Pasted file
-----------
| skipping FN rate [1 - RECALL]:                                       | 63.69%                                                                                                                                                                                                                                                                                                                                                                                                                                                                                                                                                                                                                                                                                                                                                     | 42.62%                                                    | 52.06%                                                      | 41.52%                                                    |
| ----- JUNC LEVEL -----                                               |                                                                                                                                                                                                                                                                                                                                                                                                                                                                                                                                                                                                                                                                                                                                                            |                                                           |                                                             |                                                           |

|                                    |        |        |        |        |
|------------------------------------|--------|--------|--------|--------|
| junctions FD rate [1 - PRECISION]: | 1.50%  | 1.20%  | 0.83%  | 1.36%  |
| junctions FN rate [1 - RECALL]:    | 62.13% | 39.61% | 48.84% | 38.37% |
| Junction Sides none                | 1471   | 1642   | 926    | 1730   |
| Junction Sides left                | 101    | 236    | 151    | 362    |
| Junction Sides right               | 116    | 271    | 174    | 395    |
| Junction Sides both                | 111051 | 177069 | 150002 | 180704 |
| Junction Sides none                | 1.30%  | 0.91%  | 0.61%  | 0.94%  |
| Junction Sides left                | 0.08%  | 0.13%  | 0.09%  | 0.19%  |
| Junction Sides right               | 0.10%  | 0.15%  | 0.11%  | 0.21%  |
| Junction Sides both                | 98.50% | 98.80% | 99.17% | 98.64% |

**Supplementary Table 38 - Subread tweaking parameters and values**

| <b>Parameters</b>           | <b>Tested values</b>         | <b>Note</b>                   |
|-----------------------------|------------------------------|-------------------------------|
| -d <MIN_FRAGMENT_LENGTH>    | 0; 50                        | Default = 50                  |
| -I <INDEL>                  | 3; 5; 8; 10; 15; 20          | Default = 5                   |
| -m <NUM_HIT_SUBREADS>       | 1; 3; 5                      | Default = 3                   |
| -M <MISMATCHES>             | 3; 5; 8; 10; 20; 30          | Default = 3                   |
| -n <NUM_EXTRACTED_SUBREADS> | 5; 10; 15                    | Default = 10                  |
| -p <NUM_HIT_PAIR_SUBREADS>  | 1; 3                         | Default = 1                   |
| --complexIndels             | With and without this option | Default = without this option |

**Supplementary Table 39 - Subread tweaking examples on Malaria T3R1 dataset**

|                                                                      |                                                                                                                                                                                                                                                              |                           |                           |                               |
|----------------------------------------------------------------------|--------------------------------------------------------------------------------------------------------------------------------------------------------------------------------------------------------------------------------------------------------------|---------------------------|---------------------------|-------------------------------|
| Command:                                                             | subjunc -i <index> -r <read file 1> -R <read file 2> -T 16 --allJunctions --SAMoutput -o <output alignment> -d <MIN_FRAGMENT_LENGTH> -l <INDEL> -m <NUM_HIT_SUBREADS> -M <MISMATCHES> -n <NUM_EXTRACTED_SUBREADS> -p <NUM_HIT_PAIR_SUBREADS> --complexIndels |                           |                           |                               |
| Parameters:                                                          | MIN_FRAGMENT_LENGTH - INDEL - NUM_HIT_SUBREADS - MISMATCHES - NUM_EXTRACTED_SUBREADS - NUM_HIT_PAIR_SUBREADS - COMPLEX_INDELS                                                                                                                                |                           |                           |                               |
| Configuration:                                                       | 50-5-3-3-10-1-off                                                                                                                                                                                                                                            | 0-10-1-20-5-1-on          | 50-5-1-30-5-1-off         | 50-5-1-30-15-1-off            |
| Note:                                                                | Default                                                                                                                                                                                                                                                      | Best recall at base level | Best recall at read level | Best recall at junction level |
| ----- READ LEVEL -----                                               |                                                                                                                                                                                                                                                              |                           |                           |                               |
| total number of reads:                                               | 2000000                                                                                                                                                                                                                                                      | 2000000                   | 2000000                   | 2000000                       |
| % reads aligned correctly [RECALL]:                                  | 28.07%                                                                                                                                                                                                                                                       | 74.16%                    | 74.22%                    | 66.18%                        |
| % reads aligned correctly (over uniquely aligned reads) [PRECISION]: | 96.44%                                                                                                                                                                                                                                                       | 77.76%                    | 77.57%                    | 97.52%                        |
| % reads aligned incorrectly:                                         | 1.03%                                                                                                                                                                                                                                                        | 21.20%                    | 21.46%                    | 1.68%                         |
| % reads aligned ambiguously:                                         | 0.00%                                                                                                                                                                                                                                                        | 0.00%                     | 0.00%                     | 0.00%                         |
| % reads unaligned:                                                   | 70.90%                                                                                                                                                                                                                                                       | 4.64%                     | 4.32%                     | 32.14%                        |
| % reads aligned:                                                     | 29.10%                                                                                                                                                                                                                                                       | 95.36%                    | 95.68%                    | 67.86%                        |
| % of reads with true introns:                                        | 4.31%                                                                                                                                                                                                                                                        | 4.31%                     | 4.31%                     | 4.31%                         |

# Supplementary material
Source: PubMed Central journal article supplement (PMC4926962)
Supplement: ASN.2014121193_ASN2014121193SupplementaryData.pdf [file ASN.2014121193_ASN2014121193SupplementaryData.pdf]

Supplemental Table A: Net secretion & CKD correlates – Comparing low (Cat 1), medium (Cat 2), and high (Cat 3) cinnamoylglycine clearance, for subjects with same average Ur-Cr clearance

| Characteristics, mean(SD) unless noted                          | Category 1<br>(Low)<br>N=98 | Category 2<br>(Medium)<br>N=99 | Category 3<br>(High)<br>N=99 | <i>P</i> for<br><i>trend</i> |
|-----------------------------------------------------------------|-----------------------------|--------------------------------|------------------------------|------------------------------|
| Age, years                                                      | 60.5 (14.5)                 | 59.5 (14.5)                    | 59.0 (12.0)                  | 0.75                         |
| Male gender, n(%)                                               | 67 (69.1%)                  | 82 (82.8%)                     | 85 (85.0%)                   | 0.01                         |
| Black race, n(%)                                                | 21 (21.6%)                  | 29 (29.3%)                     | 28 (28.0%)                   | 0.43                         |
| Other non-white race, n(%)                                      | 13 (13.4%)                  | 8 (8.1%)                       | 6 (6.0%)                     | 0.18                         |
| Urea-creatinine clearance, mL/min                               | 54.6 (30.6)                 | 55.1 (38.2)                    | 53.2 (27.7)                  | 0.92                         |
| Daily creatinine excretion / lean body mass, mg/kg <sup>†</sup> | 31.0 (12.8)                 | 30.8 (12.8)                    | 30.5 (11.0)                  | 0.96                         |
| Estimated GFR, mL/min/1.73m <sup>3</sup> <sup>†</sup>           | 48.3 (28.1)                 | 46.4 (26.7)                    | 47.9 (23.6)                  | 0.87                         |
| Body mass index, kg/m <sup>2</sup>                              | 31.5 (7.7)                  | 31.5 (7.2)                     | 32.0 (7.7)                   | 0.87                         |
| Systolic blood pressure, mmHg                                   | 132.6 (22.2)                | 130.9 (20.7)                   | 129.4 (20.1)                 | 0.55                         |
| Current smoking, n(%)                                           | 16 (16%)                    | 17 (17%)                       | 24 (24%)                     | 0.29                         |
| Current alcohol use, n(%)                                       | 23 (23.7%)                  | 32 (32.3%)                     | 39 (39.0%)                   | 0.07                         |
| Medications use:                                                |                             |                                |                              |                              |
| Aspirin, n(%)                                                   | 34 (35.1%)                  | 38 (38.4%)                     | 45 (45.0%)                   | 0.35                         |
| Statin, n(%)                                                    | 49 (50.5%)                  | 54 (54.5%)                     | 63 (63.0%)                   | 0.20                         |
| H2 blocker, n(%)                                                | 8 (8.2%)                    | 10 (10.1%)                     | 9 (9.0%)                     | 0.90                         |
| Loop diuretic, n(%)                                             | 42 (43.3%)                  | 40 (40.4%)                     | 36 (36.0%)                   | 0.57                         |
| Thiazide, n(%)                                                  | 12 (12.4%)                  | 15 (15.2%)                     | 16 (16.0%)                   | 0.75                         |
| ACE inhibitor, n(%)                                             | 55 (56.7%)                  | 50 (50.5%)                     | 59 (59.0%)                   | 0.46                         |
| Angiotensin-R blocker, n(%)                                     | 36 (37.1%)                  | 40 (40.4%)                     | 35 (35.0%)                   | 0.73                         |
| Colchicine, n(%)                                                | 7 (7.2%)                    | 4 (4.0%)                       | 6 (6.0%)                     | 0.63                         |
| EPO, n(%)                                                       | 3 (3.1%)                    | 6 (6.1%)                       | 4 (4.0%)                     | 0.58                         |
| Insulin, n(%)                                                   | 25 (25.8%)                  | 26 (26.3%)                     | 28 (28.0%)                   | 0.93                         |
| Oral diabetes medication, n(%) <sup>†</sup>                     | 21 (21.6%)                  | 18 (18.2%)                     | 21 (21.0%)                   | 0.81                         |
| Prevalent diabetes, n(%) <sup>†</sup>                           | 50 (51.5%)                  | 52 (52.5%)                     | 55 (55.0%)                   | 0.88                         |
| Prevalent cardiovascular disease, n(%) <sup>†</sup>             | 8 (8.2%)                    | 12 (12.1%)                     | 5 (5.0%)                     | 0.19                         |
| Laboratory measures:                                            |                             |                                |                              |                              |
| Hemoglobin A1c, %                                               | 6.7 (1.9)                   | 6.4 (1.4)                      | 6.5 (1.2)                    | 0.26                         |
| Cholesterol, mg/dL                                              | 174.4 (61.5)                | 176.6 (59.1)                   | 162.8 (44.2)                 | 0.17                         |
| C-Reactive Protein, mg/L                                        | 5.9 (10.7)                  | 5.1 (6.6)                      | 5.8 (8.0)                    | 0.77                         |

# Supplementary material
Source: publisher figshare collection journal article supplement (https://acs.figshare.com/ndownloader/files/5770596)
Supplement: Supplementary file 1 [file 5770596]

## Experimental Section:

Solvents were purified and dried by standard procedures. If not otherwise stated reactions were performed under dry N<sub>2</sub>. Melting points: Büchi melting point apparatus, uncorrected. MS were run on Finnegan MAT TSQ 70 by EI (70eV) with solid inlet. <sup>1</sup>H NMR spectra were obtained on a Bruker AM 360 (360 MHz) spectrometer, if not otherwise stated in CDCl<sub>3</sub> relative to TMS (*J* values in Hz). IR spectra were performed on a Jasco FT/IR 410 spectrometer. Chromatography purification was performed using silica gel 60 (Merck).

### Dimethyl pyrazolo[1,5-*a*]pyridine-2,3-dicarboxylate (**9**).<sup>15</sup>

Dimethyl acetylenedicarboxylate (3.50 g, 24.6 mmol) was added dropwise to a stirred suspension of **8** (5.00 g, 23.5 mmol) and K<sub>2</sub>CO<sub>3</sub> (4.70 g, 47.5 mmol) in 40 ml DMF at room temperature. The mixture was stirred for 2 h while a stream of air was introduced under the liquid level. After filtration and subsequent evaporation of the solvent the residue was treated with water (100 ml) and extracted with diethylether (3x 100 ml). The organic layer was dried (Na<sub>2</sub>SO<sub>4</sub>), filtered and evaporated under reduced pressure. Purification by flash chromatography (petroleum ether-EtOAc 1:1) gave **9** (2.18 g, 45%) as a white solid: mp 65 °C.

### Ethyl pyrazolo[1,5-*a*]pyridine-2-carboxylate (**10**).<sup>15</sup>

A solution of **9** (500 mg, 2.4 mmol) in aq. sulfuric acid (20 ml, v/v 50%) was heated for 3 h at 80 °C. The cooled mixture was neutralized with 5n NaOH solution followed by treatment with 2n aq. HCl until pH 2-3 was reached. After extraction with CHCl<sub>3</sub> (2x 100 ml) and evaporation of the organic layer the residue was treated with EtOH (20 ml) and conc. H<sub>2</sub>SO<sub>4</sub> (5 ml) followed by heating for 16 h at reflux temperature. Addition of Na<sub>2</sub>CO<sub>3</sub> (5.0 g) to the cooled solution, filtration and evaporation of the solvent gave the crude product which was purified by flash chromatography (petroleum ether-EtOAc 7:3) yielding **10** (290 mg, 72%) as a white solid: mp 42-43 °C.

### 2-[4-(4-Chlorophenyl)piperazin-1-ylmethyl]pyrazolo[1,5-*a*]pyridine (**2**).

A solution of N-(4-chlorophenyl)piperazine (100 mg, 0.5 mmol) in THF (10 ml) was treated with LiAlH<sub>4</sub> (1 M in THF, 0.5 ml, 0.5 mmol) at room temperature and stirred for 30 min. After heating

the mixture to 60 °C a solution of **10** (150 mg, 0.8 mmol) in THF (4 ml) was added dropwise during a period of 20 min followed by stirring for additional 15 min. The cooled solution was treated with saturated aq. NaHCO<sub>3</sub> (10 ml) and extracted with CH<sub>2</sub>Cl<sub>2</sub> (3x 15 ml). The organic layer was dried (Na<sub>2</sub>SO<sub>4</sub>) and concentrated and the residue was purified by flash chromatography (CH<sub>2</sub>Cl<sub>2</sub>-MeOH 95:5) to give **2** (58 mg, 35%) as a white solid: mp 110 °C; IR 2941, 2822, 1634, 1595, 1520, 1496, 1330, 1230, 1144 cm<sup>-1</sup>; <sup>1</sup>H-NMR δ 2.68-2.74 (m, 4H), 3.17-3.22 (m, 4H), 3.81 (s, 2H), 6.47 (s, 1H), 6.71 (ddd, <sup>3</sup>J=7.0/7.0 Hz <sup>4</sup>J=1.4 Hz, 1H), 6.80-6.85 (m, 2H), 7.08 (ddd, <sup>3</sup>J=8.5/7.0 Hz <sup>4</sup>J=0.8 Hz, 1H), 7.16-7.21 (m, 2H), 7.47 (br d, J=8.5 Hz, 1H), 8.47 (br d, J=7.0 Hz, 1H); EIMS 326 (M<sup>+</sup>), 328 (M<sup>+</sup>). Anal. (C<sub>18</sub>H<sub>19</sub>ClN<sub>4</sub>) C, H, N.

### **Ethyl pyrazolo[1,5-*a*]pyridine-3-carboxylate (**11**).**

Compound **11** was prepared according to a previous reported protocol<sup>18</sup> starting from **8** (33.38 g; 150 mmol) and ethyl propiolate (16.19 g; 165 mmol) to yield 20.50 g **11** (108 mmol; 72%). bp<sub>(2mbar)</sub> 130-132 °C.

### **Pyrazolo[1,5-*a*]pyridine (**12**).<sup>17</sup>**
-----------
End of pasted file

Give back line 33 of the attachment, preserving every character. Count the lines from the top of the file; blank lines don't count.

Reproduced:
| total number of reads:                                               | 2000000                                                                                                                                                                                                                                                      | 2000000                   | 2000000                   | 2000000                       |